Nicolas Corradi and Paola Bonfante from Canada and Italy review an ancient and eco­lo­gic­ally crit­ical fungal lin­eage: Arbuscular mycor­rhizal fungi (AMF) rep­res­ent a mono­phyletic fungal lin­eage (Glomeromycota) that bene­fits ter­restrial eco­sys­tems world­wide by estab­lish­ing an intim­ate asso­ci­ation with the roots of most land plants: the mycor­rhizal sym­bi­osis. This rela­tion­ship res­ults in an improved acquis­i­tion of nutri­ents (e.g., phos­phate and nitrates) from the soil by the plant part­ners and, in exchange, allows the AMF to obtain the pho­to­syn­thet­ic­ally fixed car­bon sources (e.g., sug­ars) neces­sary for their sur­vival and propaga­tion [1], [2] (Figure 1). This fungal lin­eage is known to impact the func­tion and biod­iversity of entire eco­sys­tems by pro­du­cing extens­ive under­ground net­works, com­posed of hyphae and spores, that inter­con­nect a num­ber of unre­lated indi­vidual plant spe­cies [1], [2]. These net­works also func­tion as a sig­ni­fic­ant sink for atmo­spheric car­bon diox­ide, and rep­res­ent sig­ni­fic­ant under­ground “nutri­ent high­ways” that bene­fit entire plant and micro­bial com­munit­ies. Indeed, AMF spores and hyphae are also a valu­able source of food for many soil microor­gan­isms (i.e., bac­teria, other fungi, and nem­at­odes), and because of their many bene­fi­cial effects on ter­restrial eco­sys­tems, AMF are widely used in organic agri­cul­ture and plant nurs­er­ies to improve the growth of eco­nom­ic­ally import­ant species.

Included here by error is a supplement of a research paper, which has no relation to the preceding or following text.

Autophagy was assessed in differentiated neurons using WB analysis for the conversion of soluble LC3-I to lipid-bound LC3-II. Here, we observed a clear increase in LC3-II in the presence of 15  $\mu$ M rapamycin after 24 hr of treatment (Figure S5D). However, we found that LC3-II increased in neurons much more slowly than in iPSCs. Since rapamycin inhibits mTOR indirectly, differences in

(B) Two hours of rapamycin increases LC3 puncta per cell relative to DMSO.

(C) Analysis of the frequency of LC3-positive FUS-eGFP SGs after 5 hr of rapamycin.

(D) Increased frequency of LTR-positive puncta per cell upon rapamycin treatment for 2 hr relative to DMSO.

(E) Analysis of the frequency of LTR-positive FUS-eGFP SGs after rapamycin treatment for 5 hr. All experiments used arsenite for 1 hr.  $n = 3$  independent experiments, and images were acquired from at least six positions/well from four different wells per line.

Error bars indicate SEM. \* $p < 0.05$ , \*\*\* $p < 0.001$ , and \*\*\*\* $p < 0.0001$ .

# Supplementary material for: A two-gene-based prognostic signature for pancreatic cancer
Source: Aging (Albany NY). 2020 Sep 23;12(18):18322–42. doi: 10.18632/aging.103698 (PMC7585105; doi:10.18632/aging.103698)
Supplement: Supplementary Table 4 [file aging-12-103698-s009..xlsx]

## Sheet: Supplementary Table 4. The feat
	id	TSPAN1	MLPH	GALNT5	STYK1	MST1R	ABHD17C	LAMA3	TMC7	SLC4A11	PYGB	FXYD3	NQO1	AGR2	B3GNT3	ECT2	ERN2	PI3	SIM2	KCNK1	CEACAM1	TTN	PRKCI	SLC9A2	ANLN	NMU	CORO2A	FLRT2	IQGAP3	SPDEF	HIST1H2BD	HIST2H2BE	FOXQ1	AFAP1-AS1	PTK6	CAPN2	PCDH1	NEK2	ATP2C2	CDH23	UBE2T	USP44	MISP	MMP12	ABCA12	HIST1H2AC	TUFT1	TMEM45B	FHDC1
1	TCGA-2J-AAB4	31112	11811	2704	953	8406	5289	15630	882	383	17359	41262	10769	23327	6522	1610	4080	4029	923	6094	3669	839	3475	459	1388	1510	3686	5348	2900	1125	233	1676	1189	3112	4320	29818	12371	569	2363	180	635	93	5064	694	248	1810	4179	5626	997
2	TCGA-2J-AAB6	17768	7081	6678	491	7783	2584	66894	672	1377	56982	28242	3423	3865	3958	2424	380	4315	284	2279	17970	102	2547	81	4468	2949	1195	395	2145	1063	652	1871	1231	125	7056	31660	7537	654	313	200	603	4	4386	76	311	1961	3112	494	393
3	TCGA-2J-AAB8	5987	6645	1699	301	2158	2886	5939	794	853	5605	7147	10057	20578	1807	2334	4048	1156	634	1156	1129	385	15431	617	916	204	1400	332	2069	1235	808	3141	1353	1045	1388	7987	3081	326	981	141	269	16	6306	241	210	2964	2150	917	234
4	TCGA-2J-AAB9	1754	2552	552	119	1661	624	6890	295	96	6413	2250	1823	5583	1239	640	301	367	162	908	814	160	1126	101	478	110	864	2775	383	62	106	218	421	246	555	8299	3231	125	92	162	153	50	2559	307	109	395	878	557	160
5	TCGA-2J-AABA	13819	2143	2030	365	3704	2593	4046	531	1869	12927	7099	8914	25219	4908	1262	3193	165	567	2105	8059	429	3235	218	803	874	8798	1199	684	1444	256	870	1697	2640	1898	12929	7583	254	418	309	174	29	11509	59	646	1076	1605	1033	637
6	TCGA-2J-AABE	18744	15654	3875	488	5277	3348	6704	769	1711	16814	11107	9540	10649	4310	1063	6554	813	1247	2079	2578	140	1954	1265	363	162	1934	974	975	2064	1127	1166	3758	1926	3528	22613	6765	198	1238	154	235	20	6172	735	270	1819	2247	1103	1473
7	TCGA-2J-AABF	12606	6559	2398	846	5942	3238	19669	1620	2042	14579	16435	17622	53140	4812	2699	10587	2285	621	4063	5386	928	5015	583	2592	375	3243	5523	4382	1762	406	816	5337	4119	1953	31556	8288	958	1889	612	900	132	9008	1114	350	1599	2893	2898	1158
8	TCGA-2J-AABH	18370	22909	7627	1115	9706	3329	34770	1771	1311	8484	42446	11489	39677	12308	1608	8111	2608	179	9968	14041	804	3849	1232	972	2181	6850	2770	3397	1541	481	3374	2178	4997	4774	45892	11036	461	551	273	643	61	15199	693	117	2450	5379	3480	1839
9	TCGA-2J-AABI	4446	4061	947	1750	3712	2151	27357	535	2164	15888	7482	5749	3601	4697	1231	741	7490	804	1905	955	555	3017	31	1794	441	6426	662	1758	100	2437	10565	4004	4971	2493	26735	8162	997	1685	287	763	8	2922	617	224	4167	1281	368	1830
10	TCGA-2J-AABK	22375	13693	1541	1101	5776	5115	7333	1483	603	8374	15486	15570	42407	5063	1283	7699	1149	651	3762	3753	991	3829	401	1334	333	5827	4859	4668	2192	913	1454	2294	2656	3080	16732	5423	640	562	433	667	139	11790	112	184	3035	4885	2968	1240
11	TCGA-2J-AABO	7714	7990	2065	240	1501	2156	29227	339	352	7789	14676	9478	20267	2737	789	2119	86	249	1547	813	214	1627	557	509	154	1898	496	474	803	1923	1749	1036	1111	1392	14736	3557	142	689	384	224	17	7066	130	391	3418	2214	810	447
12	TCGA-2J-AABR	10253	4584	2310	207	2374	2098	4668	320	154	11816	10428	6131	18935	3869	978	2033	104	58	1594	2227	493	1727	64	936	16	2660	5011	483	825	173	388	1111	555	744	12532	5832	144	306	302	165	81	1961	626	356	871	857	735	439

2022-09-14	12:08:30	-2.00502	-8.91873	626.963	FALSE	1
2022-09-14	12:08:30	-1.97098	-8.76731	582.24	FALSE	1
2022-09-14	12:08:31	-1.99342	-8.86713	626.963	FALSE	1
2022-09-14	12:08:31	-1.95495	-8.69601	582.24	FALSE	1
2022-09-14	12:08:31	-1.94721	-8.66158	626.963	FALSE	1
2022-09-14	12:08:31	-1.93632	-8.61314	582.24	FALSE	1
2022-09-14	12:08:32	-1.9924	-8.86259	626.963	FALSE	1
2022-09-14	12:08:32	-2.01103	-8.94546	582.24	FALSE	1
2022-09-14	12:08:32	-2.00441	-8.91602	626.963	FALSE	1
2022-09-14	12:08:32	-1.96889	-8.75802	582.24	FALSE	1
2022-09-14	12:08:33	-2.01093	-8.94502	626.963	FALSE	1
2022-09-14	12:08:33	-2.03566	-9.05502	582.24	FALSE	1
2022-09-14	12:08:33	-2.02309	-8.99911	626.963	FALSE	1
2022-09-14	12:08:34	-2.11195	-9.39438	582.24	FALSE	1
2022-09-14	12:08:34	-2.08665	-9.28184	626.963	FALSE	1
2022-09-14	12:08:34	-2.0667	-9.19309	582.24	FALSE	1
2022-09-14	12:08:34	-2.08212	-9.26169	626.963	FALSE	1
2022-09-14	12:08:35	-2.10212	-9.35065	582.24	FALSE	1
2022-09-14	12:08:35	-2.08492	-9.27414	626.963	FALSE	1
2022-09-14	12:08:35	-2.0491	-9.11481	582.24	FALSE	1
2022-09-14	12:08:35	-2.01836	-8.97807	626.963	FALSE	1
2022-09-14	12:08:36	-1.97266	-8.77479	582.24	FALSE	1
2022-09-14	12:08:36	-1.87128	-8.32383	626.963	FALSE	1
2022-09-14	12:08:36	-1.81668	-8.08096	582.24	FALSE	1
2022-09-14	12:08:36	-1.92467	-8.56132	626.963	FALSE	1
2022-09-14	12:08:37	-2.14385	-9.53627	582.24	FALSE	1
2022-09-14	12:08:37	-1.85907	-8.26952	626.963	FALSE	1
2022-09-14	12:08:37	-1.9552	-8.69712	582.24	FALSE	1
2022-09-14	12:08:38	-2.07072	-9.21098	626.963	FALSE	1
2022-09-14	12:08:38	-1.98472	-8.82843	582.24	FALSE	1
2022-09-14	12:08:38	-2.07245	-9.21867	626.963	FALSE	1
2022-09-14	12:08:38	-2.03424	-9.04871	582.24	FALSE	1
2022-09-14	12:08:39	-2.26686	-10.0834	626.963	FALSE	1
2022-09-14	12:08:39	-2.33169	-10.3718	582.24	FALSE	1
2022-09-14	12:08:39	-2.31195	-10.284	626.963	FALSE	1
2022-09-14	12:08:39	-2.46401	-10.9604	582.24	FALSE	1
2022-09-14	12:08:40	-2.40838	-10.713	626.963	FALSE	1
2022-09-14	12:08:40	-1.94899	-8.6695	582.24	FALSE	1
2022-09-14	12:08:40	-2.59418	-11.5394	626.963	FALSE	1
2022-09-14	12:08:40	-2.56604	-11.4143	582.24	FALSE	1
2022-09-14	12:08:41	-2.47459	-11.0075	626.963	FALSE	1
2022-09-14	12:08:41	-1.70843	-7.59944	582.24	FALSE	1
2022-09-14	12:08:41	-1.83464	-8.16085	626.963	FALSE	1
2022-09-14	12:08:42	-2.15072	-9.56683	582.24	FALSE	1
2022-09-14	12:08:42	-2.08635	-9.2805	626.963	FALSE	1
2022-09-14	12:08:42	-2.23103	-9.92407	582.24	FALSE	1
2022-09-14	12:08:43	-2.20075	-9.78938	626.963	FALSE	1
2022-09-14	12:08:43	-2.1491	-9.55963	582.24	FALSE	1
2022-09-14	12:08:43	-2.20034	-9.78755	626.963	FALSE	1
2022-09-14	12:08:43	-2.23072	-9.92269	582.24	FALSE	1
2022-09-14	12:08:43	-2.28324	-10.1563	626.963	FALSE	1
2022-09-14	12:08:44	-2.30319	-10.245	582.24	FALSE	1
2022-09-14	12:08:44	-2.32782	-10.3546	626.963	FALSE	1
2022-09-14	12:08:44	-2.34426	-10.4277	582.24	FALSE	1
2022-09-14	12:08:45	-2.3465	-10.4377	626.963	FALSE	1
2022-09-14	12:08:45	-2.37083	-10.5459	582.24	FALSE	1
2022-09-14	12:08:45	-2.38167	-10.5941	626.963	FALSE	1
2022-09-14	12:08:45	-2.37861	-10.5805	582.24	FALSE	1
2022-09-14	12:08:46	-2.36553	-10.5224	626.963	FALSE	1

Scientists find how plants grow to escape shade

Mild mannered though they seem, plants are extremely com­pet­it­ive, espe­cially when it comes to get­ting their fair share of sun­light. Whether a forest or a farm, where plants grow a battle wages for the sun’s rays.

Direct trans­fer of plant genes from chloro­plasts into the cell nuc­leus

Chloroplasts, the plant cell’s green solar power gen­er­at­ors, were once liv­ing beings in their own right. This changed about one bil­lion years ago, when they were swal­lowed up but not diges­ted by lar­ger cells. Since then, they have lost much of their autonomy. As time went on, most of their genetic inform­a­tion found its way into the cell nuc­leus; today, chloro­plasts would no longer be able to live out­side their host cell. Scientists have dis­covered that chloro­plast genes take a dir­ect route to the cell nuc­leus, where they can be cor­rectly read in spite of their archi­tec­tural differences.



Ann Bot is a gestalt entity who works in the office for the Annals of Botany.